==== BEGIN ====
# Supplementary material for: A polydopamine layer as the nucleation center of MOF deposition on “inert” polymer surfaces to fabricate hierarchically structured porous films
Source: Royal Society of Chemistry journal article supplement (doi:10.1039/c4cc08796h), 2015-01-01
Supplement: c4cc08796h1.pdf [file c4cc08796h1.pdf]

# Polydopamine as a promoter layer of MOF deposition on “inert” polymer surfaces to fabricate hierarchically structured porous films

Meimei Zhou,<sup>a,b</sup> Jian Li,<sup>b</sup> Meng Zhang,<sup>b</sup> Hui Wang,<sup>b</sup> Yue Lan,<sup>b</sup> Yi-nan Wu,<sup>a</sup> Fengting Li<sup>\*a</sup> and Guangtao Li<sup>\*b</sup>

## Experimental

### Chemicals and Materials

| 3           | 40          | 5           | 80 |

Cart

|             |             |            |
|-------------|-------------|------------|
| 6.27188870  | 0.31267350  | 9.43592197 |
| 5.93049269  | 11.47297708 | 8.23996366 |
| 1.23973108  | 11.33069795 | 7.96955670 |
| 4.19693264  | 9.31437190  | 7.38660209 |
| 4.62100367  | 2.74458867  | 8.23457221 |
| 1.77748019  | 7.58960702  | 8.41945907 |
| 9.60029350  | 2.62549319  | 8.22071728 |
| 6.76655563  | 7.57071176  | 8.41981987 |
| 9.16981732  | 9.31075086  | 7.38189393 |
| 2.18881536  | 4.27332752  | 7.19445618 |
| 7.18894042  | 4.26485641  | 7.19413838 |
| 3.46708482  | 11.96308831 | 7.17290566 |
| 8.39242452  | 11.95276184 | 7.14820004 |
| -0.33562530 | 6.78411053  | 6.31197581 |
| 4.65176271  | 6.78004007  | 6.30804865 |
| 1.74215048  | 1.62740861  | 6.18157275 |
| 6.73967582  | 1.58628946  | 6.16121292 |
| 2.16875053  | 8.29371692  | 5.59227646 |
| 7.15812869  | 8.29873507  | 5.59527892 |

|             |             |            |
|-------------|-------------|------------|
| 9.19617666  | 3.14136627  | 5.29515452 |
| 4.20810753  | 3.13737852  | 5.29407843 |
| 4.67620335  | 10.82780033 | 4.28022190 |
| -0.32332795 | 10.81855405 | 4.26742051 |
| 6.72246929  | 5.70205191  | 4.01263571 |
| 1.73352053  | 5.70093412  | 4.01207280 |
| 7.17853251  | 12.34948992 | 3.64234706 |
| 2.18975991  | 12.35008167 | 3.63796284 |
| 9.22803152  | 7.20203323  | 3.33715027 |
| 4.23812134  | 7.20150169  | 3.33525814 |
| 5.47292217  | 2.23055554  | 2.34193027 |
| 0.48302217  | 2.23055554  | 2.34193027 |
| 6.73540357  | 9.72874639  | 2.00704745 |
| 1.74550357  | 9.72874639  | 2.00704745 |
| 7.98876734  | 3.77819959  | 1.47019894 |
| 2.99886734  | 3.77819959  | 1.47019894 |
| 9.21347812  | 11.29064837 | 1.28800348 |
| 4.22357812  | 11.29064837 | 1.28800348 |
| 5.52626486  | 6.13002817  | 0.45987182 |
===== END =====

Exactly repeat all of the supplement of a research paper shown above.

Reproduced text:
# Supplementary material for: A polydopamine layer as the nucleation center of MOF deposition on “inert” polymer surfaces to fabricate hierarchically structured porous films
Source: Royal Society of Chemistry journal article supplement (doi:10.1039/c4cc08796h), 2015-01-01
Supplement: c4cc08796h1.pdf [file c4cc08796h1.pdf]

# Polydopamine as a promoter layer of MOF deposition on “inert” polymer surfaces to fabricate hierarchically structured porous films

Meimei Zhou,<sup>a,b</sup> Jian Li,<sup>b</sup> Meng Zhang,<sup>b</sup> Hui Wang,<sup>b</sup> Yue Lan,<sup>b</sup> Yi-nan Wu,<sup>a</sup> Fengting Li<sup>\*a</sup> and Guangtao Li<sup>\*b</sup>

## Experimental

### Chemicals and Materials

| 3           | 40          | 5           | 80 |

Cart

|             |             |            |
|-------------|-------------|------------|
| 6.27188870  | 0.31267350  | 9.43592197 |
| 5.93049269  | 11.47297708 | 8.23996366 |
| 1.23973108  | 11.33069795 | 7.96955670 |
| 4.19693264  | 9.31437190  | 7.38660209 |
| 4.62100367  | 2.74458867  | 8.23457221 |
| 1.77748019  | 7.58960702  | 8.41945907 |
| 9.60029350  | 2.62549319  | 8.22071728 |
| 6.76655563  | 7.57071176  | 8.41981987 |
| 9.16981732  | 9.31075086  | 7.38189393 |
| 2.18881536  | 4.27332752  | 7.19445618 |
| 7.18894042  | 4.26485641  | 7.19413838 |
| 3.46708482  | 11.96308831 | 7.17290566 |
| 8.39242452  | 11.95276184 | 7.14820004 |
| -0.33562530 | 6.78411053  | 6.31197581 |
| 4.65176271  | 6.78004007  | 6.30804865 |
| 1.74215048  | 1.62740861  | 6.18157275 |
| 6.73967582  | 1.58628946  | 6.16121292 |
| 2.16875053  | 8.29371692  | 5.59227646 |
| 7.15812869  | 8.29873507  | 5.59527892 |

|             |             |            |
|-------------|-------------|------------|
| 9.19617666  | 3.14136627  | 5.29515452 |
| 4.20810753  | 3.13737852  | 5.29407843 |
| 4.67620335  | 10.82780033 | 4.28022190 |
| -0.32332795 | 10.81855405 | 4.26742051 |
| 6.72246929  | 5.70205191  | 4.01263571 |
| 1.73352053  | 5.70093412  | 4.01207280 |
| 7.17853251  | 12.34948992 | 3.64234706 |
| 2.18975991  | 12.35008167 | 3.63796284 |
| 9.22803152  | 7.20203323  | 3.33715027 |
| 4.23812134  | 7.20150169  | 3.33525814 |
| 5.47292217  | 2.23055554  | 2.34193027 |
| 0.48302217  | 2.23055554  | 2.34193027 |
| 6.73540357  | 9.72874639  | 2.00704745 |
| 1.74550357  | 9.72874639  | 2.00704745 |
| 7.98876734  | 3.77819959  | 1.47019894 |
| 2.99886734  | 3.77819959  | 1.47019894 |
| 9.21347812  | 11.29064837 | 1.28800348 |
| 4.22357812  | 11.29064837 | 1.28800348 |
| 5.52626486  | 6.13002817  | 0.45987182 |